Society

Three globalised couples share their expat love stories

Article published on Oct. 15, 2009
Article published on Oct. 15, 2009
It’s normal to move abroad for professional or financial reasons. But why leave your country sto be with that special someone? Familiar reservations, a new culture and linguistic barriers are all problems often dealt with, from Australia to Canada via France and Germany

A young Frenchman writes short poems in Spanish to a Colombian girl. They're in the flat which the pair casually share in London. ‘No Colombian guy would have ever written me anything like that,’ Liliana Muñoz warmly remembers. She is now based in Nimes, Francem and the pair are married, with a three-year-old running around the house. You can hear their happiness in their memories, the emotion of recalling those first moments laden with doubts and insecurities, those first days in which every detail was important, finding out whether the other felt the same, the first brushstrokes in a far-from-finished painting.

Breaking with the past

They had chosen London to improve their English. But chance – or fate, which Liliana 100% believes in – brought them together as flatmates in the City. ‘It was love at first sight when I opened the door. Since that day we haven’t been apart,’ Liliana explains. It wasn’t easy for the couple. She left behind an eight-year relationship in Colombia to come to England. ‘My ex took it quite badly and came to London to try and get me back, I'd told him over the phone that I loved someone else, that I couldn’t be with him anymore. But he still came, and when I saw him I felt nothing.’

Liliana now works in the jewellery sector and feels perfectly integrated in French life, although she returns to her native Bogotá every year to see her family and not lose her roots. ‘I was sad, I thought it would just be a summer fling for him, but when he showed me that I really mattered for him, I decided to move to France with him. It was a challenge to leave everything I had in Colombia and start from zero, without my family – who have always been supportive – without friends, without even knowing the language at all.’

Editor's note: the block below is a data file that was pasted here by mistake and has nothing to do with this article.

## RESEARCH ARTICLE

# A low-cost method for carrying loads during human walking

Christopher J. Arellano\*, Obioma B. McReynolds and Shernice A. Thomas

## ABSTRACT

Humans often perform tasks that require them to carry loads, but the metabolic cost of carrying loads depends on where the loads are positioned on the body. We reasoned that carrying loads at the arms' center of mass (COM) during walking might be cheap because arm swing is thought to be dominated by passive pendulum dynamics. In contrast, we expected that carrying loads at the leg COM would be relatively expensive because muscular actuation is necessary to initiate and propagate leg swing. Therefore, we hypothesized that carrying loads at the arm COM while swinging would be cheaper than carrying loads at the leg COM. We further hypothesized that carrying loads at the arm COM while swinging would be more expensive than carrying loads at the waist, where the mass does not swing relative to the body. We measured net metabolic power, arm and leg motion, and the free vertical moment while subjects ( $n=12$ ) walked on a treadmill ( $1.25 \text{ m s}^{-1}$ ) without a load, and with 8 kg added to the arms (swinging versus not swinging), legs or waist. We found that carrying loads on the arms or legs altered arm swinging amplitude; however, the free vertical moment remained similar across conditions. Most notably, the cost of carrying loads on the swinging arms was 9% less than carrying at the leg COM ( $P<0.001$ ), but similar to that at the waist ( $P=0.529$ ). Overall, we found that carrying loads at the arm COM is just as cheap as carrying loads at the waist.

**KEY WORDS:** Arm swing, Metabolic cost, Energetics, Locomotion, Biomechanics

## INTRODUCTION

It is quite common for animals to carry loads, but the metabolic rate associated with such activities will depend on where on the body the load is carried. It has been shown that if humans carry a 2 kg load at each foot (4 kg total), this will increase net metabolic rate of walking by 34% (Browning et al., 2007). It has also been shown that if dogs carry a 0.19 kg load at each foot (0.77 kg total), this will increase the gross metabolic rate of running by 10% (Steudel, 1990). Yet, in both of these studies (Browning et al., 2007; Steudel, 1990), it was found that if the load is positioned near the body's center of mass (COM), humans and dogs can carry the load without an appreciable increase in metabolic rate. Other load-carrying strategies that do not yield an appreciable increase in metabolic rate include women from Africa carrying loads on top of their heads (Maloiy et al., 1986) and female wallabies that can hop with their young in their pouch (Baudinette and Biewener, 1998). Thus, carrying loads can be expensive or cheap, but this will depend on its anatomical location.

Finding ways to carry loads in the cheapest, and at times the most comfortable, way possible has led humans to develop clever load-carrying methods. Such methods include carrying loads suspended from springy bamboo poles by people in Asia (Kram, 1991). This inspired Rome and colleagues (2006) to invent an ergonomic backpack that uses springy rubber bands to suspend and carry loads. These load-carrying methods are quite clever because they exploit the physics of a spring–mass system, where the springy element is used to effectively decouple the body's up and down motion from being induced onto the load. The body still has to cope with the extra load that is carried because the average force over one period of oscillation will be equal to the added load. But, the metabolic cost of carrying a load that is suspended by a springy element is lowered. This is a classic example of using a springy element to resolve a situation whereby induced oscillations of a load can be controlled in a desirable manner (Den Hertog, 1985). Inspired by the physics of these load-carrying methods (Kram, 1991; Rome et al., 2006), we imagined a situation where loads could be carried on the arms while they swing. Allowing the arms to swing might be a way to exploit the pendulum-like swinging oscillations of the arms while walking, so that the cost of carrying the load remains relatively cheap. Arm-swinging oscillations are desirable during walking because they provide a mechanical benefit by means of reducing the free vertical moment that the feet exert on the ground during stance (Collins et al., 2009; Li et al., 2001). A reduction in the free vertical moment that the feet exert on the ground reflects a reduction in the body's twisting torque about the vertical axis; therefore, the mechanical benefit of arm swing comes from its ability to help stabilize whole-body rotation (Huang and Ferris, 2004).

From Kuala Lumpur to Cologne

(Image: ©sicoactiva/ Flickr)Melanie was studying in Australia and had signed up to help freshers at university, which is how she met her future boyfriend. ‘I think he spoke to me because my name was the only one he remembered, the others were too exotic,’ she laughs. The relationship got complicated after he went back home. ‘After two years of long distance, we got tired of flying to be with each other every three months.’ Plucking up the courage, she launched herself into the German adventure, and into a very different society to hers. ‘My first days were strange, hearing a new language, eating non-spicy food, taking your own bags to the supermarket...’

It couldn't have been a greater welcome. Her boyfriend’s family took her in like a daughter and this calmed her own parents’ anxieties, who naturally felt sad at her departure, helping them to share in their daughter’s happiness. Another thing was getting used to the German character. ‘I’m a real extrovert. It was hard to get that it wasn’t normal for the Germans to speak to strangers; it seemed really cold.’ Her impressions have since changed. ‘They helped me so much to communicate in German. When I was more fluent, I could have more interesting conversations with people, like other passengers on the trains.’ Now adapted to her new life, Melanie is happy with the decision she made: ‘changing country has enriched my life.’

See you in Canada

(Image: ©Baranka/ Flickr)Anna and Hans, an American and a Colombia, took a fair decision: neither followed the other. Their paths crossed over two years ago when both were working as monitors in a French-language immersion camp in Minnesota. They then had to face the tough reality of continuing their relationship at a distance. ‘The first difficulty was the language. He spoke Spanish and I spoke English, but we used French instead. At the beginning it was difficult but it’s got better,’ Anna recalls. These weren’t the only stumbling blocks: Anna’s family struggled to get used to the couple’s relationship. ‘My mother hated the fact that she couldn’t get to know him better because he was so far away, and they didn’t want me to visit Colombia because it was famed as a dangerous country.’ Today, Montreal has become the perfect setting to their relationship. ‘We ended up choosing Montreal because it is an open and bilingual city,’ says Anna. ‘The work opportunities, language and close proximity helped us choose,’ finished Hans – although Colombia isn’t really around the corner for him. ‘It’s marvellous to discover a new country and a new culture together, to construct a new future. It’s like being on continual holidays,’ Anna says enthusiastically. 

Chance – or fate, as Liliana would have it – enabled these couples to confront an increasingly common situation, each presenting its own unique difficulties for the ride. Falling in love with someone who doesn’t merely live in another city or another region - but another country, even another continent. The global village is a reality. The introduction of low cost flights and the advances in e-communications have helped produced the globalisation of love. ‘Which country is your boyfriend or girlfriend from then?’ - might just be a common question we’ll be asking each other one day.